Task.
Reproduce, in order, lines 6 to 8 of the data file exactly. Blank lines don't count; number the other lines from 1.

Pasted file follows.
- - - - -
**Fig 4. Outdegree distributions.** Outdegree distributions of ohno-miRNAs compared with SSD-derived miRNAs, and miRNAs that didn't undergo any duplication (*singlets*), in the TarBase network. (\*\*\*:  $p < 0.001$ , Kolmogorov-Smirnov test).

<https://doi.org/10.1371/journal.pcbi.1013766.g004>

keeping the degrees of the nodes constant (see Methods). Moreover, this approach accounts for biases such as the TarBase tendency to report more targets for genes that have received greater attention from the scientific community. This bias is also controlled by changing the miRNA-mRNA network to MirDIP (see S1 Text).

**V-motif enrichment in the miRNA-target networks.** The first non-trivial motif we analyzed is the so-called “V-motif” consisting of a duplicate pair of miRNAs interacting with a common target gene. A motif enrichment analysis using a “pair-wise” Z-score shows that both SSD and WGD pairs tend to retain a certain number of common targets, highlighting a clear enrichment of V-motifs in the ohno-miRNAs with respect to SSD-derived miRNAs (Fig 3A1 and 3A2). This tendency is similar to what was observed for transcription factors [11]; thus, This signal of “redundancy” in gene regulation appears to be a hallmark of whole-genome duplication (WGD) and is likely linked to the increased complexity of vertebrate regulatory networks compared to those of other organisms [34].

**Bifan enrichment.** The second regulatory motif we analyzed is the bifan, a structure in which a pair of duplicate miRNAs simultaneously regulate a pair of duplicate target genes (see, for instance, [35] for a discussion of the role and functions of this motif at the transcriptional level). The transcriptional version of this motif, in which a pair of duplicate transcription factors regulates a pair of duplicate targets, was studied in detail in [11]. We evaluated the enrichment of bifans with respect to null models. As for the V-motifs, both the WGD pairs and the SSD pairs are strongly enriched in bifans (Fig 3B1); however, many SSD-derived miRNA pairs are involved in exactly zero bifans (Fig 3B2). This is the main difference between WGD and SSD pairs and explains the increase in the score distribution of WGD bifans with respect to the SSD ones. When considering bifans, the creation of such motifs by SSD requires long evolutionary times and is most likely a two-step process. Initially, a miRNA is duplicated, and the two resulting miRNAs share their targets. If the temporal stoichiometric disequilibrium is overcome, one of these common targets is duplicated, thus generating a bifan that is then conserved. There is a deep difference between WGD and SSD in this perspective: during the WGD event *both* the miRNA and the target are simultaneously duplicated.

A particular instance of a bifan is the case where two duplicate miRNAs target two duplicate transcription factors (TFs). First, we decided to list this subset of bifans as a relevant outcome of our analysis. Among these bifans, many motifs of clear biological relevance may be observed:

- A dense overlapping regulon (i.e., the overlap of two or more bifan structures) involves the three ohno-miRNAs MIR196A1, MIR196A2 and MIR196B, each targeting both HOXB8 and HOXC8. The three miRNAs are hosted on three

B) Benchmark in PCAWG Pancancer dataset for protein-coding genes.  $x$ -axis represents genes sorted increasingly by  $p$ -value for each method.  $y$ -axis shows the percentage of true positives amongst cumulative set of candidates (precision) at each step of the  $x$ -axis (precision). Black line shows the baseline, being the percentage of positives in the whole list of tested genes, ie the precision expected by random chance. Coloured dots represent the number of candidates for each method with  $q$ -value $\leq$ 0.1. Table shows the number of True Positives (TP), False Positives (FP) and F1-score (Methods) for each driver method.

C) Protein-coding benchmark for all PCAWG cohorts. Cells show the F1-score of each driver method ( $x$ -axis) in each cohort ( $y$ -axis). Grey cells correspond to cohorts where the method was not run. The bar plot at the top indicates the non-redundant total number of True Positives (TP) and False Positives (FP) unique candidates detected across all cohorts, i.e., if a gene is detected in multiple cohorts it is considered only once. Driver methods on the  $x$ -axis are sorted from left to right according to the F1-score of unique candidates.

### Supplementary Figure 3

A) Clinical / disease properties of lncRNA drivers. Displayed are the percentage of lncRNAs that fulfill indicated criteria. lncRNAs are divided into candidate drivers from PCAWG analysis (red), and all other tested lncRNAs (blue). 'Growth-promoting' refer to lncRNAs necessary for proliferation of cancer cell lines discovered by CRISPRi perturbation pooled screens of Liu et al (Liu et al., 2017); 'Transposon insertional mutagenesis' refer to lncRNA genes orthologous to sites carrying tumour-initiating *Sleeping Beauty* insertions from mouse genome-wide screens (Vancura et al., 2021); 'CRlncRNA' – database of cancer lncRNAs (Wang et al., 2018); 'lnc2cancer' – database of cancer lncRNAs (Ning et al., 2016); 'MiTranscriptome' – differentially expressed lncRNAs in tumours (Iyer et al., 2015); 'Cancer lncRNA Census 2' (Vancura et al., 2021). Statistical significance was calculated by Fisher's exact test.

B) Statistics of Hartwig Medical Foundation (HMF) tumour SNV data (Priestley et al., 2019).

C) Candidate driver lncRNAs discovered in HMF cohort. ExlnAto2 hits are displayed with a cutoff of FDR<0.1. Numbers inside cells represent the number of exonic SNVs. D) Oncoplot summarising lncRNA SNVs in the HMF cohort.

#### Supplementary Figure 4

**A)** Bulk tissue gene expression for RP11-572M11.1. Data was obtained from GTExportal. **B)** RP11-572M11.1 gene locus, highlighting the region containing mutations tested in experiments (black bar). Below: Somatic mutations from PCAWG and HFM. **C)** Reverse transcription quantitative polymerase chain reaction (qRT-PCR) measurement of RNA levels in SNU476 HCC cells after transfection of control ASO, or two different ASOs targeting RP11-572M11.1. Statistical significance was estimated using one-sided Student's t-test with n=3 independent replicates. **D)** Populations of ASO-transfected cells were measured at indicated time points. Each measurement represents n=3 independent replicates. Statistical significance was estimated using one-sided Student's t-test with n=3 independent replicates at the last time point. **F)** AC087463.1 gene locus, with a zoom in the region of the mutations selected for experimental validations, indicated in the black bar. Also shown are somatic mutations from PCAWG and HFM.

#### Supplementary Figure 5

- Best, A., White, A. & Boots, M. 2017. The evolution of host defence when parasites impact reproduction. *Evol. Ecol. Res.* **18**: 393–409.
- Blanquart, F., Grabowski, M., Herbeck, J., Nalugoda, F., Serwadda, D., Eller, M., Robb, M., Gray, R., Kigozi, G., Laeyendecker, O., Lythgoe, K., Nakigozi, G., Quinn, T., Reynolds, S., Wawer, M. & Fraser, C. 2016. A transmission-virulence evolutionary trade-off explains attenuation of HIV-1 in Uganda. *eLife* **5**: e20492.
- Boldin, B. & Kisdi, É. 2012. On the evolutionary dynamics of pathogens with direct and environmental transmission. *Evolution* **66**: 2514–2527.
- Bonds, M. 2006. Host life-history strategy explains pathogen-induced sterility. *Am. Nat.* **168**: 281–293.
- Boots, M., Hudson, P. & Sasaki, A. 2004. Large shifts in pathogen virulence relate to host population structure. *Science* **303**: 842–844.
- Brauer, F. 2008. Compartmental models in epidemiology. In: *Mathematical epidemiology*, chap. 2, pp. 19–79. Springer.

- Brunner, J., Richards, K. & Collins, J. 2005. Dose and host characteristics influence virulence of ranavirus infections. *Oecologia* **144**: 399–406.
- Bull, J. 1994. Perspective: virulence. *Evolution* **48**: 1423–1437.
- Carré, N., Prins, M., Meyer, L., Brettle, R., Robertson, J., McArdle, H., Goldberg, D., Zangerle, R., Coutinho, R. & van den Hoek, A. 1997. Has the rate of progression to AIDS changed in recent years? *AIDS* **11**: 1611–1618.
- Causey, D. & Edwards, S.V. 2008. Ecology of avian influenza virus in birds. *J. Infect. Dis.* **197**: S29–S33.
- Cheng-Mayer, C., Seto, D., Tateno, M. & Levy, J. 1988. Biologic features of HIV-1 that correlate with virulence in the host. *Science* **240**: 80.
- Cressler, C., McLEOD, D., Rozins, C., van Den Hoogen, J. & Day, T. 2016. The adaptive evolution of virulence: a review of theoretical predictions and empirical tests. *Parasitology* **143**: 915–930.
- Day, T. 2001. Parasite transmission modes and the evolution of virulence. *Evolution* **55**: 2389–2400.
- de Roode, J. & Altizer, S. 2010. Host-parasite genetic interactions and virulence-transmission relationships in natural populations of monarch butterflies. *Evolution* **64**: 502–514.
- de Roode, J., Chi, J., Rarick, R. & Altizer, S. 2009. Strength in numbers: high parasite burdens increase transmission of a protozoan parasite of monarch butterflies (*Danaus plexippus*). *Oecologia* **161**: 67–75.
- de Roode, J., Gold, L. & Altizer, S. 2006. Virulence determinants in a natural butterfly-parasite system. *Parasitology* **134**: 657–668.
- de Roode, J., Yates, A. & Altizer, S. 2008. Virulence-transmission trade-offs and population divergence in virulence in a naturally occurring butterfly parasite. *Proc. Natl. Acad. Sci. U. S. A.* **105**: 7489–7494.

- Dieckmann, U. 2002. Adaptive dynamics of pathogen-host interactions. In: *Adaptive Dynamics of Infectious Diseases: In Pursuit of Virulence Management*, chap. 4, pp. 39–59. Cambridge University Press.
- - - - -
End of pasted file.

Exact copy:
A particular instance of a bifan is the case where two duplicate miRNAs target two duplicate transcription factors (TFs). First, we decided to list this subset of bifans as a relevant outcome of our analysis. Among these bifans, many motifs of clear biological relevance may be observed:

- A dense overlapping regulon (i.e., the overlap of two or more bifan structures) involves the three ohno-miRNAs MIR196A1, MIR196A2 and MIR196B, each targeting both HOXB8 and HOXC8. The three miRNAs are hosted on three

B) Benchmark in PCAWG Pancancer dataset for protein-coding genes.  $x$ -axis represents genes sorted increasingly by  $p$ -value for each method.  $y$ -axis shows the percentage of true positives amongst cumulative set of candidates (precision) at each step of the  $x$ -axis (precision). Black line shows the baseline, being the percentage of positives in the whole list of tested genes, ie the precision expected by random chance. Coloured dots represent the number of candidates for each method with  $q$ -value $\leq$ 0.1. Table shows the number of True Positives (TP), False Positives (FP) and F1-score (Methods) for each driver method.